The Mountains of Channadran by Susan Dexter (Fontana, 1987)
The Mountains of Channadran is the third book in the 'Winter King’s War' trilogy.
After various challenges have led him to the throne, Tristan’s kingdom is not secure. The creeping ice and snow sent by their ultimate enemy, Nimir, mean that crops are failing even in midsummer and the future looks bleak for the people of Calandra.
Tristan joins his wife Elisena, close friend Polassar, horse Valadan, cat Thomas and canary Minstrel to travel right into the heart of Nimir’s territory intending to attack him on his own ground. They may or may not be safer in their quest for the presence of former enemy Reynaud.
The quest involves a gruelling trek across glaciers into the frozen waste that is the epicentre of Nimir’s power. Their harsh journey is broken only with a temporary rest period in the tower of a sage, Royston Ambere, who lives there with his daughter. Ambere has a profound connection to birds, and the party’s supplies are brought to them later in their quest by eagles at his command.
There was a great deal of action in The Mountains of Channadran, mostly in the form of challenges provided by the icy conditions. The risk of death was everpresent, and there were plenty of times when there appeared to be only the slenderest chances of success for their mission. I found the characters of the animals intriguing.
It isn’t customary in fantasy for animals to have developed personalities, or for their ability to communicate with humans to be more than a novelty. However, Tristan is able to speak to each of them and they all played central parts in the plot. I loved how ironic Thomas the Cat was, and Valadan’s loyalty and Minstrel’s determination to be a part of the quest were very touching.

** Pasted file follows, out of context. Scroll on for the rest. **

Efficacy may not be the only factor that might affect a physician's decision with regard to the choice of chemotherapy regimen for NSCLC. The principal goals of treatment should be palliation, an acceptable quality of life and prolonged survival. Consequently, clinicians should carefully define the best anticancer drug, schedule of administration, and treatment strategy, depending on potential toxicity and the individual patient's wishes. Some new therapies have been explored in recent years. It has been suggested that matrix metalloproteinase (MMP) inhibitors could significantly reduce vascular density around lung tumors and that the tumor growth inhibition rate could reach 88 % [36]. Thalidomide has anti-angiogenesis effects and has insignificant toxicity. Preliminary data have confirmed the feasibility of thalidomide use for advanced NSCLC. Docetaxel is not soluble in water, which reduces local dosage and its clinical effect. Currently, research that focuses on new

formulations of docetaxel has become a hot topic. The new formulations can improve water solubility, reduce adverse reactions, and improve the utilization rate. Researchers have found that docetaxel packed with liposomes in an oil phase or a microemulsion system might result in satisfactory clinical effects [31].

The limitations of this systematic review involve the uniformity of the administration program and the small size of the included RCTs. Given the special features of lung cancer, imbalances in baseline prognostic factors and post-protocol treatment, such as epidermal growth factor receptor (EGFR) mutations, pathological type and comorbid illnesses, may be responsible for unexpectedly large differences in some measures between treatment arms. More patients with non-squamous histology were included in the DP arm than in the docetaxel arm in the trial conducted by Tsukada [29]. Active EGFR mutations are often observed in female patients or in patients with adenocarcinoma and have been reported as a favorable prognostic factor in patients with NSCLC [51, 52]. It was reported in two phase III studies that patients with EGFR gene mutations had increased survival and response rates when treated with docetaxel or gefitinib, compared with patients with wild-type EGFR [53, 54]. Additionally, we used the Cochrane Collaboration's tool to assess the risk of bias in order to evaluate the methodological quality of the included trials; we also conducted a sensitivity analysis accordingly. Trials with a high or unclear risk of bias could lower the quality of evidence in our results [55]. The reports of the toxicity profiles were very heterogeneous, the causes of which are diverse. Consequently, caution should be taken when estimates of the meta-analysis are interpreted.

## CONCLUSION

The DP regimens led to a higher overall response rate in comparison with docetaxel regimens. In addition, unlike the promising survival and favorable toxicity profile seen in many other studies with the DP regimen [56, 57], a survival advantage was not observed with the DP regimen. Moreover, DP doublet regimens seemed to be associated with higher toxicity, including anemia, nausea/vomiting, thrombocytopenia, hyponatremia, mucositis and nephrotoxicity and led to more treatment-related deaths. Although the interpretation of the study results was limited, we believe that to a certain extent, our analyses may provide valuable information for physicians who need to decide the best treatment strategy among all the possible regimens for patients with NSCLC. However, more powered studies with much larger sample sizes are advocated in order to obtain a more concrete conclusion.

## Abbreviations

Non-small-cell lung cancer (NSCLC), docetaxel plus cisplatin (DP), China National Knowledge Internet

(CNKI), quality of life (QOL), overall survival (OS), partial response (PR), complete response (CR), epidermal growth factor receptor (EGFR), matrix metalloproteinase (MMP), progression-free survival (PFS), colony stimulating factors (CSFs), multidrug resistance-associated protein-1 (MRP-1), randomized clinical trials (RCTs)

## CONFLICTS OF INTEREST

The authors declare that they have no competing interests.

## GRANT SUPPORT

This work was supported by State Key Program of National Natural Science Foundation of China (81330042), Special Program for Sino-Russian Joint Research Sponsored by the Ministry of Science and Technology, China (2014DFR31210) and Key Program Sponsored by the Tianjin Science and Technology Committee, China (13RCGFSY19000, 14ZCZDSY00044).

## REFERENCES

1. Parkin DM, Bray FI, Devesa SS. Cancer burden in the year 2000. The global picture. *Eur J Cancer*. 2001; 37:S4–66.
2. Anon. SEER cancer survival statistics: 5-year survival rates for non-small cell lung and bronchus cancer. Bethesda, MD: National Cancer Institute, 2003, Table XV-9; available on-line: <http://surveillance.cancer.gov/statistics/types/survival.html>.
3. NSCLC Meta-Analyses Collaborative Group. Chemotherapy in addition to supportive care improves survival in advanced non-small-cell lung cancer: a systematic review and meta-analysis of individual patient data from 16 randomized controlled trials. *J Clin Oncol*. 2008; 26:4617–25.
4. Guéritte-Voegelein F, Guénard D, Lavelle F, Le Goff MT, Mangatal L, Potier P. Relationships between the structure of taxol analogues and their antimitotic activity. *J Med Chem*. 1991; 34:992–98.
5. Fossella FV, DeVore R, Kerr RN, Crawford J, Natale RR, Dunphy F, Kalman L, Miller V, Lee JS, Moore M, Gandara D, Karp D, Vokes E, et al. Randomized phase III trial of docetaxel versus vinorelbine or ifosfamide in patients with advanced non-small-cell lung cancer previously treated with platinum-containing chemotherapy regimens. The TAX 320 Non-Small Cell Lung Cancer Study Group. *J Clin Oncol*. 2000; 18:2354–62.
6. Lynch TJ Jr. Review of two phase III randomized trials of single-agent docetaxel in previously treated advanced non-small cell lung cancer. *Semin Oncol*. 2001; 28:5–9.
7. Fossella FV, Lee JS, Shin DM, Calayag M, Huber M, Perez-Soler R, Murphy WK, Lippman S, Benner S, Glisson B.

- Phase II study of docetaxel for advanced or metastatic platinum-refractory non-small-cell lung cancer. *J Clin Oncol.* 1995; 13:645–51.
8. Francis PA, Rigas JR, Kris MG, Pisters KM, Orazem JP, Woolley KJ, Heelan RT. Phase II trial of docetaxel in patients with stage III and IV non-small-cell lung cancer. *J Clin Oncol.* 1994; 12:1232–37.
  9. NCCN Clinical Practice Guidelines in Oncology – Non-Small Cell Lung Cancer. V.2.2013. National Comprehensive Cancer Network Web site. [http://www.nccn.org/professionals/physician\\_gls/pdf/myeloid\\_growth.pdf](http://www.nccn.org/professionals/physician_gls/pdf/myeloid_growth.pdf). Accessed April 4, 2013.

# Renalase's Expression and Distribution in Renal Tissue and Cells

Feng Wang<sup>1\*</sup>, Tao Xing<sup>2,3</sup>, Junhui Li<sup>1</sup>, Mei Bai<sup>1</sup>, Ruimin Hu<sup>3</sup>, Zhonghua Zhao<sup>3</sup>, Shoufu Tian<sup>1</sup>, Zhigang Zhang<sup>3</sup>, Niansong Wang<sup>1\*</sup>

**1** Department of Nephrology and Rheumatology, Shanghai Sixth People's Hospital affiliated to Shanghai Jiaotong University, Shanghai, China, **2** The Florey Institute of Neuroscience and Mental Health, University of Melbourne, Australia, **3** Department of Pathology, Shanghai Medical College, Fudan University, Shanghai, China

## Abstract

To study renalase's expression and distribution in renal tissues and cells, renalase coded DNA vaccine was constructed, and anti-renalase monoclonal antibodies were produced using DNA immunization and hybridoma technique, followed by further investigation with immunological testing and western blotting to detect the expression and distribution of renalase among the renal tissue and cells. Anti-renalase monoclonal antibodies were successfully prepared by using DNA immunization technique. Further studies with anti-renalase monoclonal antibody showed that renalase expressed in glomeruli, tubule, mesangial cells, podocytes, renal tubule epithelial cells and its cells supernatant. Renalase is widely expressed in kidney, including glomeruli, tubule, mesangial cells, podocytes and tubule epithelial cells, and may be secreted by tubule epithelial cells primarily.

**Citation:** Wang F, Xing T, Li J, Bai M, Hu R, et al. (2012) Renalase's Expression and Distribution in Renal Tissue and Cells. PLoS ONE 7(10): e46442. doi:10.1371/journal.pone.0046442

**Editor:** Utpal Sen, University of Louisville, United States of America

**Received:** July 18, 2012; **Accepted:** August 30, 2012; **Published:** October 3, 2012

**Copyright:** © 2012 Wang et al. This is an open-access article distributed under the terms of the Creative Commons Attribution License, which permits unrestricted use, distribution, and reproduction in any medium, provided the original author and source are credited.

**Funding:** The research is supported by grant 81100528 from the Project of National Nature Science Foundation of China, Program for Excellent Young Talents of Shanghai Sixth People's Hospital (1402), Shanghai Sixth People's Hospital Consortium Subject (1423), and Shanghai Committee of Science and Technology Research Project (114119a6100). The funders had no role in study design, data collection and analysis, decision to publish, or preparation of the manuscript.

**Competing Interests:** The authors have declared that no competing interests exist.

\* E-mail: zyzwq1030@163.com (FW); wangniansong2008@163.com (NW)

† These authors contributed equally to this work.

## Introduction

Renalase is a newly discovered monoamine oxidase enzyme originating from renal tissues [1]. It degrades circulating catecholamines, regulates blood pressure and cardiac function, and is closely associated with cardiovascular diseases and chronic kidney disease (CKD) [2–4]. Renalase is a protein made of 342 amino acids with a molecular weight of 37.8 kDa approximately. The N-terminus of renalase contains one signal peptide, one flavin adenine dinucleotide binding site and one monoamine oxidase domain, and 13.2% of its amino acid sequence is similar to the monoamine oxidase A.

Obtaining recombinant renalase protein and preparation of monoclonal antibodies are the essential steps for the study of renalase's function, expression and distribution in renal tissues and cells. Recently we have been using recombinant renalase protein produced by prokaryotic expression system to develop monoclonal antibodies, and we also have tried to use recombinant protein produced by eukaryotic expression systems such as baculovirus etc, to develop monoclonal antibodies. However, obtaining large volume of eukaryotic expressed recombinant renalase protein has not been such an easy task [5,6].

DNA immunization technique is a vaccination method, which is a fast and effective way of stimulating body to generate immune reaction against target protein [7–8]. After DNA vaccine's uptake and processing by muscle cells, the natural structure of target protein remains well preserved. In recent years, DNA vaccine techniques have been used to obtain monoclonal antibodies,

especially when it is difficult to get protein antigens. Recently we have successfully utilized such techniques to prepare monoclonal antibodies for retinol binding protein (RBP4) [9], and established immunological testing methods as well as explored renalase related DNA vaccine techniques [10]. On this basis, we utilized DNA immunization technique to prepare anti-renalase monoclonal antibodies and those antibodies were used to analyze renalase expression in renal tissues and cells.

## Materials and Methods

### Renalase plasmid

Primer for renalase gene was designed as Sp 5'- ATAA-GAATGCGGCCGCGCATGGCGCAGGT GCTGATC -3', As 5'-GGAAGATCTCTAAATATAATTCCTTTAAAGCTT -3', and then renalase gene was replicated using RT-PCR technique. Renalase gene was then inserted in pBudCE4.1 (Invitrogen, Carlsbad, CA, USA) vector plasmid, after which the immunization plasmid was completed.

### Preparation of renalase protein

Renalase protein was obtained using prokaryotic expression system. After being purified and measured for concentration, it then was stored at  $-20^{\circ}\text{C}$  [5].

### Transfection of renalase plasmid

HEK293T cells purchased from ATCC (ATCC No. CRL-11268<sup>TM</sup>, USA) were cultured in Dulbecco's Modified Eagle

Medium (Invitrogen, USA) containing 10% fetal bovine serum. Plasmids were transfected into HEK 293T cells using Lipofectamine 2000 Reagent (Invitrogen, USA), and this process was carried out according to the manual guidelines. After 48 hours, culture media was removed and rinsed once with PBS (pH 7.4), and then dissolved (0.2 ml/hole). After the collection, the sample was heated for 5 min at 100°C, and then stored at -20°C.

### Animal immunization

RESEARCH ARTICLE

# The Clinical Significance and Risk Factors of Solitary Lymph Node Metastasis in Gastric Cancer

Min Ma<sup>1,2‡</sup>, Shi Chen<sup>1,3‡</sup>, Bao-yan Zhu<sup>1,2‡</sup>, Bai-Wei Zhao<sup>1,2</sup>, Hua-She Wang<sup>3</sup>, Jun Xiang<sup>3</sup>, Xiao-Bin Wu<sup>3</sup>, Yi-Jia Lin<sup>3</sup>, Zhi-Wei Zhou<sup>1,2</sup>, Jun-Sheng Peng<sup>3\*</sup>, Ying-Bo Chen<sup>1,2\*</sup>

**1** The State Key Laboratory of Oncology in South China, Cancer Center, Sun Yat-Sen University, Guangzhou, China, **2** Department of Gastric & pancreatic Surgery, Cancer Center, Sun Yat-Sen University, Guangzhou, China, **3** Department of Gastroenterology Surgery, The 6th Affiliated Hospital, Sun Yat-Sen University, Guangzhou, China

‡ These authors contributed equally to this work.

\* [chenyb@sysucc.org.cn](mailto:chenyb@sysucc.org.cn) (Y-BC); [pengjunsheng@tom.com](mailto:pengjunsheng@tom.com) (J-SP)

The Mountains of Channadran was written in the third person, and it did occasionally move into the point of view of characters beside Tristan. However, he remained the central of the plot focus, and almost all of the tale was told through his eyes. The story could have been told in the first person with very little alteration, but the intense focus on Tristan meant that it almost felt as if it had been.
I would have liked to have seen much more of Ambere’s daughter Welslin, who is known as Fateweaver. A fascinating backstory was created for her, only to fall away after her brief appearance. This was very much a book about men, with Elisena a distant figure and the reader only occasionally given glimpses into her heart. I’d like to have heard more of her story, too.
The Mountains of Channadran was a cracking quest epic in the best fantasy tradition, and the addition of animal characters alongside the human added an extra layer of enjoyment to my reading experience.
Many thanks for reading my review of The Mountains of Channadran by Susan Dexter. I'll be back on Friday. The comments section is open.
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If you’ve enjoyed this review, you might be interested in reading my review of magician by Raymond E Feist here. Or you might like to take a look at my review of The Steel Remains by Richard K Morgan here.
If you fancy something different, you might like to take a chance on my review of The Nancy Drew Mysteries by Carolyn Keene here.